“You know I’ll never help with this,” Tyler said. Despite all he’d encountered that past year, his core was preserved—even though he’d earned the money, even if Rich’s withholding was unjust, he wouldn’t take it by force.
“A college boy doesn’t need to get paid, is that it?”
“You should forget about it,” Tyler said, hoping Cub didn’t hear the quaver in his voice. “I’m going to.”
Cub’s eyes narrowed and his jaw tightened. “It isn’t as easy as all that. I’m going up there. And you better think about what that means for you.”
Tyler, already certain the guy’s brain was an energy-efficient model, was now convinced he was dangerous too, so he considered the vague threat. The worst outcome for Tyler, which Cub was shrewd enough to see, was Cub getting away clean. As far as Rich knew, there were two people with equal motive to rip him off and, if the scheme worked, he’d assume they were in cahoots.
Cub grinned, with dumb arrogance. There was something new and sly in his expression, something concerning.
Tyler shook his head and turned away, taking a few steps along his tailgate toward the driver’s side. He knew something was wrong when Cub didn’t argue immediately. He took another step, wanting desperately to be out of Cub’s sight.
“Hold on there,” Cub said, behind him.
Tyler halted and half-turned to look, trying for no expression at all—seeing Cub’s pistol pointing at him now.
“Gimme your phone and keys,” Cub said.
“Man, please don’t.”
“Toss ’em.” He held the gun aslant, but his finger was inside the trigger guard, which worried Tyler not so much because he might intend to use it, but because Cub was accident-prone.
“You don’t need to do this,” Tyler said, his voice unsteady, his heart booming. “I’ll leave town now. I won’t say a thing.”
Cub gestured with the gun again.
Tyler tossed the keys into Cub’s waiting hand. Cub pressed the fob, thumping the door locks open. Tyler's thoughts shifted to his camera gear––of the very few things he owned, nothing else was really precious. Cub sidearmed the keys over the steep embankment and Tyler sighed, shaking his head. Cub demanded his phone again.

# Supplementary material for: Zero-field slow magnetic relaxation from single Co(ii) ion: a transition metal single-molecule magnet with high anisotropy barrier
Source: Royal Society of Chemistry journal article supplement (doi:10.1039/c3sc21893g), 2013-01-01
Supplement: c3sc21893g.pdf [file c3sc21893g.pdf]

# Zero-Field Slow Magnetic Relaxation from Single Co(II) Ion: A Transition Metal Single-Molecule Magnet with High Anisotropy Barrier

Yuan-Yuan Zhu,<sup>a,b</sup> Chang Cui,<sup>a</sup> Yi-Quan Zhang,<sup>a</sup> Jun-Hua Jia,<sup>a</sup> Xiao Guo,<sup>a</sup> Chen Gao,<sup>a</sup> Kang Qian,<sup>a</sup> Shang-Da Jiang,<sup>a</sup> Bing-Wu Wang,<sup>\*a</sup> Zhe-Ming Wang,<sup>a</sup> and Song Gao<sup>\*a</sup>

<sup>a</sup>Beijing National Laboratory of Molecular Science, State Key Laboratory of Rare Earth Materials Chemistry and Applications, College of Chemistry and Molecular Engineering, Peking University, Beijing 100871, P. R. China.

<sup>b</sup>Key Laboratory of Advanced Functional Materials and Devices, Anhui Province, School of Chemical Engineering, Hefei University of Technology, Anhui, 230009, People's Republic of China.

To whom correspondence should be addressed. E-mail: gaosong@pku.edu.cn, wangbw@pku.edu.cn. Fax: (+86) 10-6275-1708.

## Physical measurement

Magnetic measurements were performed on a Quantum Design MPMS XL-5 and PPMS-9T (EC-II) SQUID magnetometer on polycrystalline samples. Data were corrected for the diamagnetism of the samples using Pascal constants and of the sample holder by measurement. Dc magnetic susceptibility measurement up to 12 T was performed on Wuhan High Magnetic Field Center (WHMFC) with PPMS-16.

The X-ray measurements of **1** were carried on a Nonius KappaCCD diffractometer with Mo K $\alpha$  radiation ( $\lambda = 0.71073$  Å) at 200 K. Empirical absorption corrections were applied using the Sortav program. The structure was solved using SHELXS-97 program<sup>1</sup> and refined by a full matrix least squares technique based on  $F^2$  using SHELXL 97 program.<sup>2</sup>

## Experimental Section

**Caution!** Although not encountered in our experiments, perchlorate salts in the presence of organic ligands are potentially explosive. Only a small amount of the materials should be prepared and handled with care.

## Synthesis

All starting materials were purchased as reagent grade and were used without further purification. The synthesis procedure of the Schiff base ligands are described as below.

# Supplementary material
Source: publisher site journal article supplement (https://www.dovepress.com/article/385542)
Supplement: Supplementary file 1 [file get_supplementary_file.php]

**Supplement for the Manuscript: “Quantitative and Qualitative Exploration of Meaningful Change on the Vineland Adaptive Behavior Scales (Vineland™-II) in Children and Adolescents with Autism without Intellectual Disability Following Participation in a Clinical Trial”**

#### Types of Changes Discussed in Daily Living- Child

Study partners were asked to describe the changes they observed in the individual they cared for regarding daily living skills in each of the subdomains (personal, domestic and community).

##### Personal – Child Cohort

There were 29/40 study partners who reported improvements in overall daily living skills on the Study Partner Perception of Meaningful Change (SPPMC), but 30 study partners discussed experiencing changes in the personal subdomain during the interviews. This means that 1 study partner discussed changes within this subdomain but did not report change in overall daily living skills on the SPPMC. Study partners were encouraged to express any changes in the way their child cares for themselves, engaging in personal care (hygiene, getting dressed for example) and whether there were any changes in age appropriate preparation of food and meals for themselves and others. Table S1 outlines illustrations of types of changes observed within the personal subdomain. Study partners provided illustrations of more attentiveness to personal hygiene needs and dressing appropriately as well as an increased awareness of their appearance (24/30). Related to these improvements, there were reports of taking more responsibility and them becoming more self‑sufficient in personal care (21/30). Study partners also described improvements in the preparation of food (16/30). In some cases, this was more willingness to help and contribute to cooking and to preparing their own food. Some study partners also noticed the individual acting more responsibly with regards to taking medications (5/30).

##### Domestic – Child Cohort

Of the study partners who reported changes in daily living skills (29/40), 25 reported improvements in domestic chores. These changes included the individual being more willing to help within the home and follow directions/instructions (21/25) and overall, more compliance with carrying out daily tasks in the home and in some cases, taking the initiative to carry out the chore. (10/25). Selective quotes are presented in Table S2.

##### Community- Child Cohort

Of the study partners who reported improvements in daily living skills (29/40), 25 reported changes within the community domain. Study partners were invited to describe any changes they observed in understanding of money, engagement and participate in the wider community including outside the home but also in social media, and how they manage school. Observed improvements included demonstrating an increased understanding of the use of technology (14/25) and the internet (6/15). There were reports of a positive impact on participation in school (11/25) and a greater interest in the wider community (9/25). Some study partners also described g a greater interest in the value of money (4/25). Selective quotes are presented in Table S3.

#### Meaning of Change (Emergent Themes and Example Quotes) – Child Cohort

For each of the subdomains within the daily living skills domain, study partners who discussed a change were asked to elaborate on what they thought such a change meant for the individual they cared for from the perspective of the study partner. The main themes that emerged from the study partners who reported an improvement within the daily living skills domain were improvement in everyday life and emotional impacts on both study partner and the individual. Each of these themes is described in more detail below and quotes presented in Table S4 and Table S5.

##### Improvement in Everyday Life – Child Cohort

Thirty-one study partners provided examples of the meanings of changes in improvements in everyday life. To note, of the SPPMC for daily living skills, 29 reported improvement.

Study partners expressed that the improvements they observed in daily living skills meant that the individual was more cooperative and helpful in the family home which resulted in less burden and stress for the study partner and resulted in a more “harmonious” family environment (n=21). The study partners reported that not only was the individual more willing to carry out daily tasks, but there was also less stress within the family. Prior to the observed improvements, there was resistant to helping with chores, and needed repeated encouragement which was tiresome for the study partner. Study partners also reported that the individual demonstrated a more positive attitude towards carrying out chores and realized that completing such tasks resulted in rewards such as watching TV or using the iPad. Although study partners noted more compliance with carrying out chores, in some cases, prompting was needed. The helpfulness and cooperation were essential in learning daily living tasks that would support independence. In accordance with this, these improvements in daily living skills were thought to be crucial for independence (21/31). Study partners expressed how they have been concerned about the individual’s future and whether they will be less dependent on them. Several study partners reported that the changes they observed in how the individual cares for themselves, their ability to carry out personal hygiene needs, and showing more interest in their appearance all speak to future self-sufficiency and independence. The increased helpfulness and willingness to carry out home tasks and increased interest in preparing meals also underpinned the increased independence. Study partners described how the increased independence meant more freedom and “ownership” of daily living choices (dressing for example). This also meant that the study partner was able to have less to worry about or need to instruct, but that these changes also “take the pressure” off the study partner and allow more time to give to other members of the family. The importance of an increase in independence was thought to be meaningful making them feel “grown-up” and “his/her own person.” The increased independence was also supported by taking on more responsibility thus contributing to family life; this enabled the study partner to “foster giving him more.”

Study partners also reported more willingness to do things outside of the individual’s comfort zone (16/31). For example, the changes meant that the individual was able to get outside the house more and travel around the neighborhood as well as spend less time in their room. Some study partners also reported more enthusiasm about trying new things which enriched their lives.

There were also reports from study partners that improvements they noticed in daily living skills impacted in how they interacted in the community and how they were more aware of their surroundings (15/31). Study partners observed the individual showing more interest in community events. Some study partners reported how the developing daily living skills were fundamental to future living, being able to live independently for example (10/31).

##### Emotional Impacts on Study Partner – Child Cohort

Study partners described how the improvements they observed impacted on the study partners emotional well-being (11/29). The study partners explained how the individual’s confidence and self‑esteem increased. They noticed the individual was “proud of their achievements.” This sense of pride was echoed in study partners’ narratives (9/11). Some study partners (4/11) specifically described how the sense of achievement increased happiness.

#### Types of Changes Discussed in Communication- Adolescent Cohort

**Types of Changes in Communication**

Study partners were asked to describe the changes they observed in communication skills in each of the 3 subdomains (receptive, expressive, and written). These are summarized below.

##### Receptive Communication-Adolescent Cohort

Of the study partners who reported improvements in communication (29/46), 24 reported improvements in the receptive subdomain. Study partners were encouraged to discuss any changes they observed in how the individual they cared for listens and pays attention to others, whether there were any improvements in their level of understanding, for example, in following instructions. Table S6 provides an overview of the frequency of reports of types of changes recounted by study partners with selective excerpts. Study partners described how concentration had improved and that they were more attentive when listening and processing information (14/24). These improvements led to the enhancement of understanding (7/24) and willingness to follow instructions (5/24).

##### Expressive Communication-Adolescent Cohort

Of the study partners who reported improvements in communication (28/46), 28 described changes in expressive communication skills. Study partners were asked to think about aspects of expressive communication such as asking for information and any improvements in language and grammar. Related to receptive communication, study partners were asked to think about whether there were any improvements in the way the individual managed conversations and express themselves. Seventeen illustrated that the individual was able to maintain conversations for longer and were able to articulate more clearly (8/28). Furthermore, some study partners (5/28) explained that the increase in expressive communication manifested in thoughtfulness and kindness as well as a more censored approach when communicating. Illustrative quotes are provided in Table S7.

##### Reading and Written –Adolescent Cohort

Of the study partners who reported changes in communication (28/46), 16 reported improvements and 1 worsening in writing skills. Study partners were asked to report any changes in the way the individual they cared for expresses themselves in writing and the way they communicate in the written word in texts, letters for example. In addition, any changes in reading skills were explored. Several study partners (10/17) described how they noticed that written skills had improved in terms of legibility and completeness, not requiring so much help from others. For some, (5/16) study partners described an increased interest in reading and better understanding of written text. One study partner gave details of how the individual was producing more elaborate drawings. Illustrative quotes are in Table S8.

Tyler palmed the handset––his dominant foot braced to run––and then tossed it high and a few feet wide. With a snake’s wisdom, Cub ignored the gambit and fixed his eyes on Tyler. The phone smacked in the mud. Cub sidled and stomped it down with his bootheel, the sound of cracking glass audible in the still air, silty water already seeping into the depression.
“Get your cash,” Cub said, his usual rascally, bumbling tone now dissolving into something hungry and brutish.
The envelope was in a rinsed-out can of mixed nuts beneath the driver’s seat, and it contained just less than six hundred dollars. Cub approached to keep Tyler in view. Once he had the money he took a few cautious steps backward, his expression brightening a little, and then he turned and hurried to his own truck. “Sorry, college boy,” he said. “Gotta be rough to survive in this biz.”
A year before, Will’s sister had moved around Tyler’s off-campus room in a slow arc—tall and slender, blue eyes calm—picking up and replacing objects on shelves, waiting beside a big image of Nastassja Kinski on a one-sheet for the French release of Paris, Texas. He’d picked the French poster because it showed her in that pink room, vague and mysterious. Standing beside it, Will’s sister—for Tyler, her identity was still primarily tied to her brother, more so than her identity as Caroline—looked a little like Kinski, except her hair was longer and wavy and her eyes seemed to belong to a much older creature.
She lifted his camera from the shelf, uncapping it and eyeing him through the viewfinder. He watched her grasp it with amateur fingers, listening to the soft, plaintive whir of the autofocus. “This plan of yours, it’s going to change you,” she said, snapping the shutter. “You don’t know it yet but trust me.” She was one year out of undergrad, waitressing part time, pursuing her master’s in social work.